In 1978, Remmy Ongala left his home in eastern Democratic Republic of the Congo (not far from the city of Bukavu) for Tanzania. He boarded a boat across Lake Tanganyika to Kigoma, Tanzania’s main port city on the great lake. From Kigoma, he then traveled by train to Dar es Salaam to eventually become one of the most famous and well-loved ‘Tanzanian’ songwriter-musicians, Dr. Remmy.
For me, that small city of Kigoma that Dr. Remmy stopped in is the closest place I have to ‘Home.’ In English, Ongala’s song ‘I Want To Go Home’ is more aptly titled, “I’m returning home,” or “Narudi nyumbani” in Kiswahili. Forever, or for a good while at least, even the word “nyumbani” (“at/to home”) will remind me of the primary school children pestering me, jumping up and down, giggling, as I walked down the dirt path towards a friend’s home in Kigoma. I would try to divert their fascination with me as an outsider, and practice my Swahili by asking them questions like, “Where are you going?” “Nyumbani…” was always the cute reply.
Sometimes Americans, including my own relatives, ask me if my stay in Tanzania makes me thankful for what we have here in the United States, as if I had gone to Tanzania to affirm my so-called ‘first-world’ gluttony. Sure, there are things I’m thankful to do in California– I can go jogging without attracting much attention, make a midnight car ride to the gas station for beer and Oreos and burp in front of the computer, order anything my heart desires and my bank account can pay for to arrive on my doorstep in two days, walk the dog around my neighborhood anytime of day or night and pick up the poops with specially made plastic bags, obtain anything from chicken wings to hygiene products with hundreds of choices, fulfilling my instant gratification with self-righteous pleasure.
But in America, rarely will I find– people who will lovingly greet me every morning, “Good morning, how did you sleep?” even when I’m feeling guilty for reading, writing, dancing, or drinking until 4AM and waking close to Noon; my adopted grandmother to message me in need of bread and tea while I climb onto the back of a motorcycle taxi towards the market; a church band or music beats in the back of a pickup truck prompting spontaneous dancing in the streets; relaxing in the yard on plastic chairs, chatting with neighbors on philosophy and religion until the stars come out.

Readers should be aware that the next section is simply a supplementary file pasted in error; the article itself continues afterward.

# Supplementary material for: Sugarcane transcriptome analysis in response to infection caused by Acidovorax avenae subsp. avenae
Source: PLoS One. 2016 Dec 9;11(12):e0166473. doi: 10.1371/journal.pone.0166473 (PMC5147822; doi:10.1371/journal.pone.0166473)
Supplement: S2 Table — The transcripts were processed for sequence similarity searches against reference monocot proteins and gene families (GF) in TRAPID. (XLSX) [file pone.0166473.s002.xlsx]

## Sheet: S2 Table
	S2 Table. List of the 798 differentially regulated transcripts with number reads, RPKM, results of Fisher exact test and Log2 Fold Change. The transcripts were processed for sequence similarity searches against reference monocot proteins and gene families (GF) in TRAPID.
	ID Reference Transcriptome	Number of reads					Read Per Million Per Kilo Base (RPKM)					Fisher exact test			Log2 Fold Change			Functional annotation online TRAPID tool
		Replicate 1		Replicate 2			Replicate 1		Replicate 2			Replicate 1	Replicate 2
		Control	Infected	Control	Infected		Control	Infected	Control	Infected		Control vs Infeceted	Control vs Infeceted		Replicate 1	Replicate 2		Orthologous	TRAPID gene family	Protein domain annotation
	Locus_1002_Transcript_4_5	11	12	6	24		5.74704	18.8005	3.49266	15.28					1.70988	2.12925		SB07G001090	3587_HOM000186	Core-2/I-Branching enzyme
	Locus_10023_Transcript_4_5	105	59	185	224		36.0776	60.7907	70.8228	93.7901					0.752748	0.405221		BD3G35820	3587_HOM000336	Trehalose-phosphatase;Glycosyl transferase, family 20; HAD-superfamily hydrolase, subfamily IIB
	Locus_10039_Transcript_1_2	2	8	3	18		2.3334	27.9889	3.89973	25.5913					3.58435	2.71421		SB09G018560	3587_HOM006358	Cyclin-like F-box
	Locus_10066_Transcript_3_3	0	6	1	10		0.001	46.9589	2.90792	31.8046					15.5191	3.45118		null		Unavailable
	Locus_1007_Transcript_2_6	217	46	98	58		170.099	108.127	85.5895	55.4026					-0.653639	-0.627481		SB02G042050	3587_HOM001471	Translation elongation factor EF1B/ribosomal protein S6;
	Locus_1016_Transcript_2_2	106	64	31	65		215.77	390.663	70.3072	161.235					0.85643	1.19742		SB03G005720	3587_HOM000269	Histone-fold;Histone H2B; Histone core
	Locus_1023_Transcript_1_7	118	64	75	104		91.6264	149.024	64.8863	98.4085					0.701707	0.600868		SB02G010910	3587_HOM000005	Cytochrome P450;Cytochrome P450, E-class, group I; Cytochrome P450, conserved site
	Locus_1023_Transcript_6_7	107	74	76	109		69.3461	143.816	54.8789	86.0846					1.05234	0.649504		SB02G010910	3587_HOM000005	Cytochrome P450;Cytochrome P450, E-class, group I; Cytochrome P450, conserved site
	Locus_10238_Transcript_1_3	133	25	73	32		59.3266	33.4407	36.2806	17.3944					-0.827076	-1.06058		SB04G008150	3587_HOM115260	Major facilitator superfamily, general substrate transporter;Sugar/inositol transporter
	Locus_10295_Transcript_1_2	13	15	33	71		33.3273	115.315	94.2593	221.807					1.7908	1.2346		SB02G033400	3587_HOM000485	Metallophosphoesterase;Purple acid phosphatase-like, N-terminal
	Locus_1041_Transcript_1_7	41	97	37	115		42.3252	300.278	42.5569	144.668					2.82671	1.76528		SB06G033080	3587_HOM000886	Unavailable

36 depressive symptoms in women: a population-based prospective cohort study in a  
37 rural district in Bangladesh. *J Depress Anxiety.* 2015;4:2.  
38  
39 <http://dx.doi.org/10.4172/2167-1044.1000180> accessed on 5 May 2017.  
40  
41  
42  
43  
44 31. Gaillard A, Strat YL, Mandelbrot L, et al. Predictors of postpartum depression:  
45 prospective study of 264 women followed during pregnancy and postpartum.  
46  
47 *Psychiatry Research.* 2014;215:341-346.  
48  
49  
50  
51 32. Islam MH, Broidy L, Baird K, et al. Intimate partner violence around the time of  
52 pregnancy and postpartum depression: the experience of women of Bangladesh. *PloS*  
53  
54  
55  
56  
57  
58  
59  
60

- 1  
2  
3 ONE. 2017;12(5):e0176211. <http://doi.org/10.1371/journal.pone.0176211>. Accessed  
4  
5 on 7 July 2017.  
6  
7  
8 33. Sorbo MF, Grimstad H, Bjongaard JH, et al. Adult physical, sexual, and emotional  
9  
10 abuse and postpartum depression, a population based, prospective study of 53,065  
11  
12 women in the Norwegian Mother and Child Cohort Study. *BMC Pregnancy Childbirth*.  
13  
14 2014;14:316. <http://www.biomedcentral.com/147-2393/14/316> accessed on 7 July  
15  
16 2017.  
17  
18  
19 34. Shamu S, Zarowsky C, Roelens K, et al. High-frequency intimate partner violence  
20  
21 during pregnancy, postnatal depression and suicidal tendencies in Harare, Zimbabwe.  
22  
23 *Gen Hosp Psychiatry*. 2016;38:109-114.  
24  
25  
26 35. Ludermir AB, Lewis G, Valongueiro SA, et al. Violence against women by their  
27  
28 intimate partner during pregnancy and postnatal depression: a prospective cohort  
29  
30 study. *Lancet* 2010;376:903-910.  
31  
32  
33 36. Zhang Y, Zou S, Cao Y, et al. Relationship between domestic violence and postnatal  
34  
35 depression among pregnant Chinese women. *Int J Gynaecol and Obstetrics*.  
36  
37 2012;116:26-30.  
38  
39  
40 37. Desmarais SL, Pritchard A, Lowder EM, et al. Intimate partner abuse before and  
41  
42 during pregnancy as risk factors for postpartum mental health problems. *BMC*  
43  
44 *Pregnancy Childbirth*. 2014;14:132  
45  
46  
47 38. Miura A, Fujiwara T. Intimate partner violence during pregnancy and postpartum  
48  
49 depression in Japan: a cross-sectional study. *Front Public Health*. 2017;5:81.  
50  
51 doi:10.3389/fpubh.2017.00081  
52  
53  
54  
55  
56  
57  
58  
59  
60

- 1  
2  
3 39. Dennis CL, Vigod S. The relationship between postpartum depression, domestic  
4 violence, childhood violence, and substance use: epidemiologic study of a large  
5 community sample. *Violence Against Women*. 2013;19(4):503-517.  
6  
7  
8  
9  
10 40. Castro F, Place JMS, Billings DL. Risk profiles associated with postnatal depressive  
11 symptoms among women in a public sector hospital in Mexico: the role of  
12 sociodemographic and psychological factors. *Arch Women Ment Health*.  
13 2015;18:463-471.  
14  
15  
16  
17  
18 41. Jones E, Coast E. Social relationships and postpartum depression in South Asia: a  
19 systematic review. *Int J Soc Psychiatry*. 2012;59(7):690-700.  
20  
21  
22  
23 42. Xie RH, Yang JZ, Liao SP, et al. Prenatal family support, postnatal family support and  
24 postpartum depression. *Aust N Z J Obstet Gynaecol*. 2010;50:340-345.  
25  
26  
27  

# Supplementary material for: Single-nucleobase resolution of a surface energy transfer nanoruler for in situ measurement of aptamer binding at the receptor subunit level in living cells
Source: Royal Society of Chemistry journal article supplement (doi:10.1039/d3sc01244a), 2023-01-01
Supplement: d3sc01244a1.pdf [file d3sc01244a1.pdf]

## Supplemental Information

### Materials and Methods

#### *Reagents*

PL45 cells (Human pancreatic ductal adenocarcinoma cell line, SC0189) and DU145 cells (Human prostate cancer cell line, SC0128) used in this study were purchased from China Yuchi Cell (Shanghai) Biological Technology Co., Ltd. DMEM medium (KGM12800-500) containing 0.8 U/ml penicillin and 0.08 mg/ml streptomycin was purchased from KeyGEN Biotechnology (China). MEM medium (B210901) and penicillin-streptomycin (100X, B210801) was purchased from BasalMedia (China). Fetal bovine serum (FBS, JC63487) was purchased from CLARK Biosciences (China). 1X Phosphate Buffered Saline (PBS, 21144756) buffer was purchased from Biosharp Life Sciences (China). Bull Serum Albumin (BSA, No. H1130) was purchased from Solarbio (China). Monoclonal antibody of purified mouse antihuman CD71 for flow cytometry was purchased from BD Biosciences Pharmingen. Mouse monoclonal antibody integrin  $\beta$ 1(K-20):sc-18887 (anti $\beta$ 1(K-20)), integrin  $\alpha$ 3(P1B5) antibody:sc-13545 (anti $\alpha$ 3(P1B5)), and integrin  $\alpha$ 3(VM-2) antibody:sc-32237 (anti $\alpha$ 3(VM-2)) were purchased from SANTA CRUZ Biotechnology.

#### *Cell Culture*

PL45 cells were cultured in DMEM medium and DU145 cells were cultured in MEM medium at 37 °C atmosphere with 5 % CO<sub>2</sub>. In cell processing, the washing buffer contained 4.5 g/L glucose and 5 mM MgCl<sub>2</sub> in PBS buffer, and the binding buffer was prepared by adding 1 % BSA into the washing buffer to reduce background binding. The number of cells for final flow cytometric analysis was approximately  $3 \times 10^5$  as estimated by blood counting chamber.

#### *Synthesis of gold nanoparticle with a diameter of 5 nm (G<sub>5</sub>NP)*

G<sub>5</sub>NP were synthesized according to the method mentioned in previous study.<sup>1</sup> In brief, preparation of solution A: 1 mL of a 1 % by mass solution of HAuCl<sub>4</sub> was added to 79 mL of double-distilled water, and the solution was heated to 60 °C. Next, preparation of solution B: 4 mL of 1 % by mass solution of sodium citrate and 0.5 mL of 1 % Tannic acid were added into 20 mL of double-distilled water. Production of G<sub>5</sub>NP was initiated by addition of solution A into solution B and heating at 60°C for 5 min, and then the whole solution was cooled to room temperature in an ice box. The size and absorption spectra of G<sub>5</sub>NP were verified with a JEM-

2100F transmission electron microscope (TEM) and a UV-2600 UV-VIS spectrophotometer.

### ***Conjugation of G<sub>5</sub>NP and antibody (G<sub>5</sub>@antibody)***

Kigoma is a busy place, but in California, rarely, if ever, will I experience the intent care and focus of companionship like the people of Kigoma, who languorously and earnestly prioritize a four hour conversation over tea or beer without rushing off to their next exclusive, scheduled appointment. In California, rarely, if ever, will I feel like I’m truly adopted by three families and a dozen friends who eagerly await to welcome me, for my return home…
The idea of ‘Home’ is seldom static for most people, and many life changes yield a change in one’s perception of home– significant life events and rituals, like moving out of one’s parents’ house, work, marriages, births, and loss of loved ones to death can all potentially yield to changes in what one calls ‘Home,’ for example. Ask any mother or grandfather to count the number of ‘homes’ in their life, and there’s bound to be several, if not a couple dozen with careful recollection. Self-righteous I may be, and this is up for discussion if you feel inclined, but it would be a mistake to assume I’m self-righteous because I have a home on another continent. A ‘high and mighty world traveler’ I am not, and I have not forgotten a single thing in the land I’m preparing to travel from. Do not think I’ve forgotten who I am or where I’m from.
To forget would be like forgetting a long embrace with a friend of many years who I’m completely enamored with and respect. And when the afternoon winds down and I say, “Well, I’m going home now,” how could I forget? In the words of Remmy Ongala and the primary school children in Kigoma, it is only that “I’m going home…”